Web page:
Catharine Maria Sedgwick, (born Dec. 28, 1789, Stockbridge, Mass., U.S.—died July 31, 1867, West Roxbury, Mass.), early American writer whose internationally popular fiction was part of the first authentically native strain of American literature.
Sedgwick was a daughter of Theodore Sedgwick, lawyer, congressman, and later senator and judge of the state Supreme Court. She became a Unitarian and a devoted follower of William Ellery Channing and, at the urging of her brother Theodore, undertook to write a tract on the bigotry of orthodox Calvinism. By the time of its anonymous publication in 1822, the tract had evolved into a novel, A New-England Tale, which enjoyed considerable success. It was remarkable in its lively and accurate portrayal of the scenes and characters of Sedgwick’s native Berkshire Hills. She followed with Redwood (1824), Hope Leslie (1827), Clarence (1830), and The Linwoods (1835), establishing a firm reputation as a novelist and contributing significantly to the development of a native literature.
For two decades thereafter Sedgwick’s literary work consisted of stories and tracts on various moral topics that were published in periodicals and gift books. Her last novel, Married or Single?, was published in 1857.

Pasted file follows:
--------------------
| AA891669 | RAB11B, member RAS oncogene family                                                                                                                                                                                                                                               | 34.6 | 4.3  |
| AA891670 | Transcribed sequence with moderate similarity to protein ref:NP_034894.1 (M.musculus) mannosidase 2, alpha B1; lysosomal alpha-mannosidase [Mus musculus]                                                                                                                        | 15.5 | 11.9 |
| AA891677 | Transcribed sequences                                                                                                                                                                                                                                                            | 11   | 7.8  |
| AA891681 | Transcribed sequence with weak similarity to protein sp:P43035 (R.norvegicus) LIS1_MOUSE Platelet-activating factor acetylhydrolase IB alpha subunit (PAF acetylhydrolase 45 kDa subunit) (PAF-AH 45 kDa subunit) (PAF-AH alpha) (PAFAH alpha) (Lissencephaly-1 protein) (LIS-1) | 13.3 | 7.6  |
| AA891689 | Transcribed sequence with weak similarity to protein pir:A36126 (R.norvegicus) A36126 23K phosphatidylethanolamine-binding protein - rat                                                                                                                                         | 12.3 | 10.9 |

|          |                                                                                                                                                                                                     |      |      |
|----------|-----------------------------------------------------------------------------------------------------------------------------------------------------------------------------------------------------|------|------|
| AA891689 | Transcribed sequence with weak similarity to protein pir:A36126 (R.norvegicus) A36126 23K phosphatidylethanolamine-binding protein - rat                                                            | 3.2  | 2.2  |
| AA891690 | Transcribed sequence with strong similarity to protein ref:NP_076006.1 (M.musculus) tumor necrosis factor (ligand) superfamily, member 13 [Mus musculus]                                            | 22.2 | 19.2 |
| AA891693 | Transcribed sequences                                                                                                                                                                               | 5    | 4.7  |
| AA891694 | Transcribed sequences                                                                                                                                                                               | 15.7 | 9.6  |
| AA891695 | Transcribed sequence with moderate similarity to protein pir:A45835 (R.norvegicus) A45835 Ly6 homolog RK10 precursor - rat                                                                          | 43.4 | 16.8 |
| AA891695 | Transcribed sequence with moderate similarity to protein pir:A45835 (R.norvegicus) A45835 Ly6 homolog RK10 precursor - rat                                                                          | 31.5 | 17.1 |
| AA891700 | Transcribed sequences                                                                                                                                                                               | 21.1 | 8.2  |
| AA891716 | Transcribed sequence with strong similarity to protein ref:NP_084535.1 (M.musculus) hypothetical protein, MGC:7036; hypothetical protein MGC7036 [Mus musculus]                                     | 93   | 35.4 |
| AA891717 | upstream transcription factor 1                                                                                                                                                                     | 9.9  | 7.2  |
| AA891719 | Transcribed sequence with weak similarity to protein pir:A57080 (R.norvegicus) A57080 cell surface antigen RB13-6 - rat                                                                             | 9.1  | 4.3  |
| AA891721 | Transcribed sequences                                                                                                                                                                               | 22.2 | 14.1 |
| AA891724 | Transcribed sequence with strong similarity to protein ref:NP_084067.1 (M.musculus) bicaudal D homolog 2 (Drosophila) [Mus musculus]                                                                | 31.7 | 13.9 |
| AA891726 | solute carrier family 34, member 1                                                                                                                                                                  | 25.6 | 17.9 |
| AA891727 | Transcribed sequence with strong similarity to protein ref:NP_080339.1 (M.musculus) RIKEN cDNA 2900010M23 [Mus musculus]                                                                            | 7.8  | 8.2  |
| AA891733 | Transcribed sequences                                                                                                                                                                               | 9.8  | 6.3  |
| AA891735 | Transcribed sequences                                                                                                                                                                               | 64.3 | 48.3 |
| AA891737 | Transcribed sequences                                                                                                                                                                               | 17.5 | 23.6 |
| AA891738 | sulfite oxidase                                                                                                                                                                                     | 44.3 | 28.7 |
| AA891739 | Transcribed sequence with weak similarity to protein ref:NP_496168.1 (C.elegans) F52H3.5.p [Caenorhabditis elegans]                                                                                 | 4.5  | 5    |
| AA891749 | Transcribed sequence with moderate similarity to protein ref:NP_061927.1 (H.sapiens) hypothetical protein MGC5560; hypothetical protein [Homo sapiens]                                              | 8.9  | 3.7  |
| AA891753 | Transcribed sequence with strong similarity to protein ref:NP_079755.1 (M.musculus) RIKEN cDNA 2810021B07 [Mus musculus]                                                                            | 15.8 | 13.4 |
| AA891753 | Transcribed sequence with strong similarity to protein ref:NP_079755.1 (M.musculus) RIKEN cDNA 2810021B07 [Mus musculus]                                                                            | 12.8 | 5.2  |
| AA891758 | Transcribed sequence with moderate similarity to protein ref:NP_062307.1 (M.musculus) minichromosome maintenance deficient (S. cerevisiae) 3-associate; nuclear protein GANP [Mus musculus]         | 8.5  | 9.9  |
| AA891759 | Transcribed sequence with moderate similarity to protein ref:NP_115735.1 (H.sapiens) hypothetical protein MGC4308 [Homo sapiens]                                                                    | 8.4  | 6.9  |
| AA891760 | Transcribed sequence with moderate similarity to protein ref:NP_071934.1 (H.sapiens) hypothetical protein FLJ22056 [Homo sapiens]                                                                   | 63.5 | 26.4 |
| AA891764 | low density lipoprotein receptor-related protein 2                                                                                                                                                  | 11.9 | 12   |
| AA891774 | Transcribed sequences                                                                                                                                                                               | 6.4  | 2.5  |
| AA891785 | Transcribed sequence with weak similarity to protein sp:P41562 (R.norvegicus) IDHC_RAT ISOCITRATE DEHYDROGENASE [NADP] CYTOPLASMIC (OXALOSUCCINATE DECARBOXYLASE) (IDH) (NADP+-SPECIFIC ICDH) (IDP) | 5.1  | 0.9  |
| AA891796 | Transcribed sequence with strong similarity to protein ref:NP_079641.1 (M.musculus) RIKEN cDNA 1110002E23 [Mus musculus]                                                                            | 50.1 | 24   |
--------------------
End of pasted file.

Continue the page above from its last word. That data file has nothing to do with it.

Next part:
Sedgwick also participated in the work of the Women’s Prison Association of New York, of which she was “first director” from its incorporation in 1854 until her death.
She was a successful writer but is also well known for her social reform projects; including: the improvement of tenement life, the end and prison reform. She became the first director of the Women’s Prison Association of New York, founded the Society for the Aid and Relief of Poor Women, and established New York’s first free school.
Catherine never married and counted amoung her friends: Nathaniel Hawthorne, Ralph Waldo Emerson, and Herman Melville
Due to her mother’s mental illness, Catherine was raised by her black maid, and they grew so close that she was buried beside her when she died. Her life is perhaps best summed up by her contemporary, Edgar Alan Poe, who wrote the following article in 1846, as one of a series about New York authors of the day. Poe is often critical but still admiring.
Link to Edgar Alan Poe’s contemporary.